Sunday, January 18, 2009

Cliches and Literary Devices - It's how I blog about life lessons, faith, and pushing forward

I keep trying to find something worth blogging about. Even more, something interesting to blog about. Mmmmyeah. It's rough. Most of the "events" that have happened in my life the past week or so aren't really things I...want on the Internet. Ya know? So how do you write about something - without writing about it? One of life's really tough questions.

Today I went to church in my new ward. I really like starting a new ward. New faces. New callings. New beginnings. CLICHE! Hey, cliches are formed from truths. That's why they're cliches - truths that are experienced so much in life the lessons lose meaning and resonance. We keep trying to find alternative ways to describe the same problems, the same life lessons, the same ideas. That's how you know you're a good writer - you've found a better way to say "It's not the end, it's only the beginning." Well, one way you know you're a decent writer at least.

In sacrament meeting, a girl gave a talk about trials and tribulations. She used an analogy. I love analogies. Analogies. Parables. They just make otherwise complicated concepts attainable across the board. It's the ultimate device to aide a broad audience grasp deeper subjects using simple comparisons. I totally nerded out just then didn't I? Back to the point - in sacrament meeting, a girl gave a talk about trials and tribulations. The analogy she used involved teaching ski lessons to 5-6 year old kids. She is a ski instructor at Alta, and commenced to describe the different kinds of "students" that come to her. I'm going to expound on her analogy by dividing these students into groups:

1. Scardy Cats: These kids come wide eyed and trembling. They continue to wide eyed and trembling through the duration of the lesson. They cling to the instructor and beg them to do everything for them: point their skis in the right direction, hold their hand the entire time, guide them down the mountain, never leave their side, and if they happen to fall, to pick them right back up. They fear the future. They fear the unknown. They think they can see what will happen and therefore, don't want to do it on their own. They don't give themselves a chance to learn. They don't take a risk in faith.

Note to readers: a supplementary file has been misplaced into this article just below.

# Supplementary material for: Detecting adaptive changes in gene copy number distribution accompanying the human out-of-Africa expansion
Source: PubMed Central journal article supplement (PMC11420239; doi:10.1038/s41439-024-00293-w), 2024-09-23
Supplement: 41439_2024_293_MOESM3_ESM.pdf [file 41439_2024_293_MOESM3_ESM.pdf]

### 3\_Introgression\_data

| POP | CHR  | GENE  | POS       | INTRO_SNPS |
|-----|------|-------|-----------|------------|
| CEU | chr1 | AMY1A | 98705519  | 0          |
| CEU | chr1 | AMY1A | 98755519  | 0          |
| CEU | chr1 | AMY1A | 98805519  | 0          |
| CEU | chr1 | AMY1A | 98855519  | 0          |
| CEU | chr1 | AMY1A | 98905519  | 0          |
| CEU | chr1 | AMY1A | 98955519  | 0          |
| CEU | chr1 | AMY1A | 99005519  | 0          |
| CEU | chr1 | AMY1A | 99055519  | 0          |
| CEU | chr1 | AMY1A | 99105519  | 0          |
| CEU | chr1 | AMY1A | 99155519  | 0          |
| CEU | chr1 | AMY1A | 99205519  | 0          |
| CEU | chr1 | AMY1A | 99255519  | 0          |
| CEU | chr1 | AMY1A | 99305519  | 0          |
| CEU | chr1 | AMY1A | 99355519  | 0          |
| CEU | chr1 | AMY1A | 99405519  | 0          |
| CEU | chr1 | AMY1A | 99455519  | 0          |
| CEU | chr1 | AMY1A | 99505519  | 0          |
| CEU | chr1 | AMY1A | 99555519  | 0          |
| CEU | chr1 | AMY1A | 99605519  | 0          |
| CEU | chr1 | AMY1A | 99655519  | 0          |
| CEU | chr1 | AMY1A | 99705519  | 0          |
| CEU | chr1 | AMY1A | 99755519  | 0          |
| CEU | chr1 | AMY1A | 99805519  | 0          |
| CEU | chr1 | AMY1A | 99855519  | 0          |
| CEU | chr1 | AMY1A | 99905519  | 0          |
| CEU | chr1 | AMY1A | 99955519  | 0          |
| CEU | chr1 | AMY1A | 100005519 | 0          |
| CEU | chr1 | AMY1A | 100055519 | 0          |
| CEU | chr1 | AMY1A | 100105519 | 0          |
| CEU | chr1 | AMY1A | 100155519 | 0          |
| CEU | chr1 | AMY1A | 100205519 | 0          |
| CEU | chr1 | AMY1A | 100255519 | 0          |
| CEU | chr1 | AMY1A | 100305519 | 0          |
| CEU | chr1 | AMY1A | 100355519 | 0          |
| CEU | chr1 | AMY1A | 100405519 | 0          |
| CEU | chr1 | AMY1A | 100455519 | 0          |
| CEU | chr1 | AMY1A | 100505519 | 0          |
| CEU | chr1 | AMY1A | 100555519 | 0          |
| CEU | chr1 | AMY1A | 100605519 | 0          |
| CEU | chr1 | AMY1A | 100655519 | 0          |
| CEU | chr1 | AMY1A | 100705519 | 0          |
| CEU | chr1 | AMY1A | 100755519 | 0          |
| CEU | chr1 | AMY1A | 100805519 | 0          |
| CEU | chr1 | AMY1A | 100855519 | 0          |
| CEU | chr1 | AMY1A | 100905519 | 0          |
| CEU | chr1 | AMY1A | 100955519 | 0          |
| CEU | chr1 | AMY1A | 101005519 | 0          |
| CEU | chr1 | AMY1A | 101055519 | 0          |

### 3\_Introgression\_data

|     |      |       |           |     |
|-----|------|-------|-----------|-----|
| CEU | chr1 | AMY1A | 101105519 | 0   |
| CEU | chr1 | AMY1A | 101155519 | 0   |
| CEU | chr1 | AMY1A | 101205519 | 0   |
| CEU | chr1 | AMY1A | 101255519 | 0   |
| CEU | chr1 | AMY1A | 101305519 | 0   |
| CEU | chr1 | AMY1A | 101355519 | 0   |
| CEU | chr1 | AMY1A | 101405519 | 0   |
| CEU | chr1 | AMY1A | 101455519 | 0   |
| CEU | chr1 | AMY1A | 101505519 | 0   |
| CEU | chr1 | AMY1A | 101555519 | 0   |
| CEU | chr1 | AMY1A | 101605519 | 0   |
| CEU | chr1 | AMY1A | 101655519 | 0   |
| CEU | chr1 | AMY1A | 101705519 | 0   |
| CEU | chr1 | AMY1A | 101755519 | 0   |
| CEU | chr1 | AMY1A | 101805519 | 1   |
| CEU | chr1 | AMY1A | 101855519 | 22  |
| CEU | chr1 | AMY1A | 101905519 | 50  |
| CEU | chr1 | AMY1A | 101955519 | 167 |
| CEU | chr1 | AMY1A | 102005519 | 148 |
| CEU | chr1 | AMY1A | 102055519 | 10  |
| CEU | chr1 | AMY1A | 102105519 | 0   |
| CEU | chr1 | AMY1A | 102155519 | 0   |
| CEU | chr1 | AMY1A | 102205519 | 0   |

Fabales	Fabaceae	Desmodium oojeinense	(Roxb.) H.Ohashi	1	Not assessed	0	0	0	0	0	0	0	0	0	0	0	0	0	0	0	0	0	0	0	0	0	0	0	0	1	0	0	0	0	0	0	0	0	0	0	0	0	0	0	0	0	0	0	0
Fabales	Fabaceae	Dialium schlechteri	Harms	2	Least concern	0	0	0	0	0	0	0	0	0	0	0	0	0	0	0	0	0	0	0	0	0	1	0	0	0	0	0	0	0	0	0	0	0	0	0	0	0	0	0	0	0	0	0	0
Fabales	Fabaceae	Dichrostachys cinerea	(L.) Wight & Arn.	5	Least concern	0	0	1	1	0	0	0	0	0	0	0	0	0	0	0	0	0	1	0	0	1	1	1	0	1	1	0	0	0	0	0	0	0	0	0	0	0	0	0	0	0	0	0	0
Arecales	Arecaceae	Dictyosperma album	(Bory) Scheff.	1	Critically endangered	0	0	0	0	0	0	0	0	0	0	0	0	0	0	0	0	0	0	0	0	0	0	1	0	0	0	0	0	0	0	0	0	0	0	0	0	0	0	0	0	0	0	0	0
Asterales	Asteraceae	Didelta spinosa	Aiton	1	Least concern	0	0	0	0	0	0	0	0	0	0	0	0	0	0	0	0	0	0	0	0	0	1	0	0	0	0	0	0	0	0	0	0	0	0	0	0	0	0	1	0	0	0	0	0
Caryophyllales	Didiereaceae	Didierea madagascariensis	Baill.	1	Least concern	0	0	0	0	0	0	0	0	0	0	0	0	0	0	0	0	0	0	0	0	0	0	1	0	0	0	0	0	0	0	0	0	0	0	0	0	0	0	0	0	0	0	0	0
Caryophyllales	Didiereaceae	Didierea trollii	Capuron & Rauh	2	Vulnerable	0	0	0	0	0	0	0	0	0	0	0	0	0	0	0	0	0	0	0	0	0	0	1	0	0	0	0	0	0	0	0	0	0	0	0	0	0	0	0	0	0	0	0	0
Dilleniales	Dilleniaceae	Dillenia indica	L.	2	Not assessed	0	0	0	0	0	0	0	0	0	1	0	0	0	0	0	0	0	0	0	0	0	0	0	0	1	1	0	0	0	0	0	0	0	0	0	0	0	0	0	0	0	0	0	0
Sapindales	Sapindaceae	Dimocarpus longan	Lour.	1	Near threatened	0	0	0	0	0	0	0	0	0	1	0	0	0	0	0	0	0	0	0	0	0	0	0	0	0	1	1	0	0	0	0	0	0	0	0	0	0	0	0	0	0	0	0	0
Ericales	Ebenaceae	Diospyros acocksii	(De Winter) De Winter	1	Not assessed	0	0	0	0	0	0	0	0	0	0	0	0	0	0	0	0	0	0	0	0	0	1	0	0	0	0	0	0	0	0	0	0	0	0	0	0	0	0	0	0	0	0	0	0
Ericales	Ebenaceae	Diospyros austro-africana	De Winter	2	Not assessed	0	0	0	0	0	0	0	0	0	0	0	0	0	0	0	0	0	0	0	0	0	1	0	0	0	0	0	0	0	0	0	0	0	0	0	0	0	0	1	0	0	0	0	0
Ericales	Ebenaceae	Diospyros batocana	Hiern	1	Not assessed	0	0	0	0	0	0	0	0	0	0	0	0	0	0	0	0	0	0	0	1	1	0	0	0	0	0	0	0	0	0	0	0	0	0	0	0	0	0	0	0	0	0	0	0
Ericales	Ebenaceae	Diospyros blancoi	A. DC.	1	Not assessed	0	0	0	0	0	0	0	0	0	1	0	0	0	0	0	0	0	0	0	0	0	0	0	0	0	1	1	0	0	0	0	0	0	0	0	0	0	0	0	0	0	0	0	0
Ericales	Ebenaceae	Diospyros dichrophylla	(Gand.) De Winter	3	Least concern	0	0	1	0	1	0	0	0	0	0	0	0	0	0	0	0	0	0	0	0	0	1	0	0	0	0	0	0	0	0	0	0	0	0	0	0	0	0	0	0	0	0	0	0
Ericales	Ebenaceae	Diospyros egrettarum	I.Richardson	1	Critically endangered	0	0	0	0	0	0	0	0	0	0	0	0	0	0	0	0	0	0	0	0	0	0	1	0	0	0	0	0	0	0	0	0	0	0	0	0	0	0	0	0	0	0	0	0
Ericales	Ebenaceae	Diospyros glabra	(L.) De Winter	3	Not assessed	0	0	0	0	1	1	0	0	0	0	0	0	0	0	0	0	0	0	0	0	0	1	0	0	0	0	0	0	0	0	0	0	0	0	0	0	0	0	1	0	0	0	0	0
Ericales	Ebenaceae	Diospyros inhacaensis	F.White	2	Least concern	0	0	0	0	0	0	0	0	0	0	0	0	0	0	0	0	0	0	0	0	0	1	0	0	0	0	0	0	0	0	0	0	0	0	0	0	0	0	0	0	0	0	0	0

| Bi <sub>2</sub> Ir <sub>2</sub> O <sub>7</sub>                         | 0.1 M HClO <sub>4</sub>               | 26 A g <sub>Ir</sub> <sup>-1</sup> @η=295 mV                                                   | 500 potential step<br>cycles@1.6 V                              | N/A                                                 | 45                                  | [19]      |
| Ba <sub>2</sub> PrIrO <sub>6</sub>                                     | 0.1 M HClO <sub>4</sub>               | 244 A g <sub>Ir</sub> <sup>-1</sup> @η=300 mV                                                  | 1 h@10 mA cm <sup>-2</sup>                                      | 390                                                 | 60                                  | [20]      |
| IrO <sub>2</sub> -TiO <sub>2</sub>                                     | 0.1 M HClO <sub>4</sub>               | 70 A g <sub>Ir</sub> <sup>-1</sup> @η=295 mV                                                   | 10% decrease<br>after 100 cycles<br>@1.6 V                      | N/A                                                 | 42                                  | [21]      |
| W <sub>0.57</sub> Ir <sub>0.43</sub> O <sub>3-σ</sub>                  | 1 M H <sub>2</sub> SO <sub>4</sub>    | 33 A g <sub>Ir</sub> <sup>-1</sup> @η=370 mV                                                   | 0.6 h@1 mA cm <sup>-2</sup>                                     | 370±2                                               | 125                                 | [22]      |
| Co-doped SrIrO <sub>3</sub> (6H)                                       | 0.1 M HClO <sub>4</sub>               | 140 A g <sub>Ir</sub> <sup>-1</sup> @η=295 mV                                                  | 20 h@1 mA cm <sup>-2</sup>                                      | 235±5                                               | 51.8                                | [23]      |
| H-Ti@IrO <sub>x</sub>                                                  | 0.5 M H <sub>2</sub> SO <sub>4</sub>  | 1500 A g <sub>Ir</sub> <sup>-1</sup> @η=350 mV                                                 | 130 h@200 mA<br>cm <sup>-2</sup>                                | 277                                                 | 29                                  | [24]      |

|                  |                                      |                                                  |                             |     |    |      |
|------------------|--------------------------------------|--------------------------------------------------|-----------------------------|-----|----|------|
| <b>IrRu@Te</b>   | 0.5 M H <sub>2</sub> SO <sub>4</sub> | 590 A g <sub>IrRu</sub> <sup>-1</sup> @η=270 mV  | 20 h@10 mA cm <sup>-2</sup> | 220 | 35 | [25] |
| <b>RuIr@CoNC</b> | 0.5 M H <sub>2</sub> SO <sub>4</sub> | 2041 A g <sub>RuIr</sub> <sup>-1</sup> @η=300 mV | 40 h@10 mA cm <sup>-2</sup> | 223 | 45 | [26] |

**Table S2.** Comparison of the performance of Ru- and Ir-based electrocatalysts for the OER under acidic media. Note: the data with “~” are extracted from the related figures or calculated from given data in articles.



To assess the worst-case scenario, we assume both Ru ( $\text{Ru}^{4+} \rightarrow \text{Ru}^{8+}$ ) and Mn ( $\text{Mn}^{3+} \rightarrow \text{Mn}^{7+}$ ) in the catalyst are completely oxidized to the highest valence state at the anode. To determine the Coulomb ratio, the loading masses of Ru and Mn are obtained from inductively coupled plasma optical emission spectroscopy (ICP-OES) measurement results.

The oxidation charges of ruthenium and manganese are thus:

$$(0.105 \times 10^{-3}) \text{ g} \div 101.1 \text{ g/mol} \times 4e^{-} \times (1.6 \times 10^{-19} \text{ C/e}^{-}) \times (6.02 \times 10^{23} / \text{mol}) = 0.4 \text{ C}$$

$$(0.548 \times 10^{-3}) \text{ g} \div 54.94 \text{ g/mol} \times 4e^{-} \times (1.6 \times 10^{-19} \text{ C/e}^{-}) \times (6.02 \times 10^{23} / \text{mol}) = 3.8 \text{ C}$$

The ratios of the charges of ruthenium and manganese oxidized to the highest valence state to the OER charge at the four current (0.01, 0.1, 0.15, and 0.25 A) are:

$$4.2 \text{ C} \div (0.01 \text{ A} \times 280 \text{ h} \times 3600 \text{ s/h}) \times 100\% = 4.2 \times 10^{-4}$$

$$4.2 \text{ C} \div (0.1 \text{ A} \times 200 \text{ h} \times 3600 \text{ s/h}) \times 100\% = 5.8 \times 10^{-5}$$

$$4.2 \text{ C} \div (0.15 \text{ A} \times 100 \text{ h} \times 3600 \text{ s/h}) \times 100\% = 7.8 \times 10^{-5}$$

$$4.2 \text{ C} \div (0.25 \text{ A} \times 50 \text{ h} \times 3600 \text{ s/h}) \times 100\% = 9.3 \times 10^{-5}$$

2. Take it easy: These kids are fearful, but not as entirely dependent. They go down the slopes a couple times, fail, realize it's hard, and ask their instructor if they can just go in the lodge and have some hot chocolate. It's cold outside, they're not catching on. And the lodge seems so nice and warm. They don't want to learn to ski the hard way - but would rather sit it out. They'd rather not face what's ahead. When things get complicated, they leave.

3. Fallen and Lost: These kids give up after trying for awhile. They come ambitious and ready, but after some failed attempts, some frustrations, some tears and crying, they give up. They wander away and build a snowman elsewhere. They write it off. They don't want to learn anymore - the experience isn't what they thought it was going to be. They'd rather just find something easier, something better to do, and never learn the lessons they were so eager to be a part of before.

4. Eager Snow Bunnies: These kids are gung ho, I am the best, I'm going to conquer this, get me on that MOUNTAIN! They're not as scared as the other kids, and these starters want to take matters into their own hands "skiing" before they've been taught anything. They zoom strait down the bunny hill without heading the instructors patient warnings. They run faster than they are ready for, they go life more than they have strength, they aren't ready, and every time they won't heed the instructors direction, crash into the fence. They will hit the fence and hit the fence until finally, they realize that what they want takes time. Sometimes, they are eager, but not patient, and sabotage themselves.

You see where I'm going with this. Using this analogy, the instructor is the Lord, patiently trying to teach us, the eager ski students, or rather more potently, the eager children who need his loving guidance, to teach us how to navigate down the slopes. What I liked most about this analogy, is the idea that the Lord is there to help us, and he will pick us up and put us on our feet again, but allows us to learn, to grow on our own, and doesn't always point our ski's down the hill or hold our hand as we slowly descend the mountain. He even wants us to pick ourselves up and try again, trusting that he will always be near.

The cliches:

  • If we don't struggle, we won't learn.
  • If we don't fall, we won't know how to get up.
  • If the Lord held our hand the entire time, we wouldn't learn how to continue ON OUR OWN.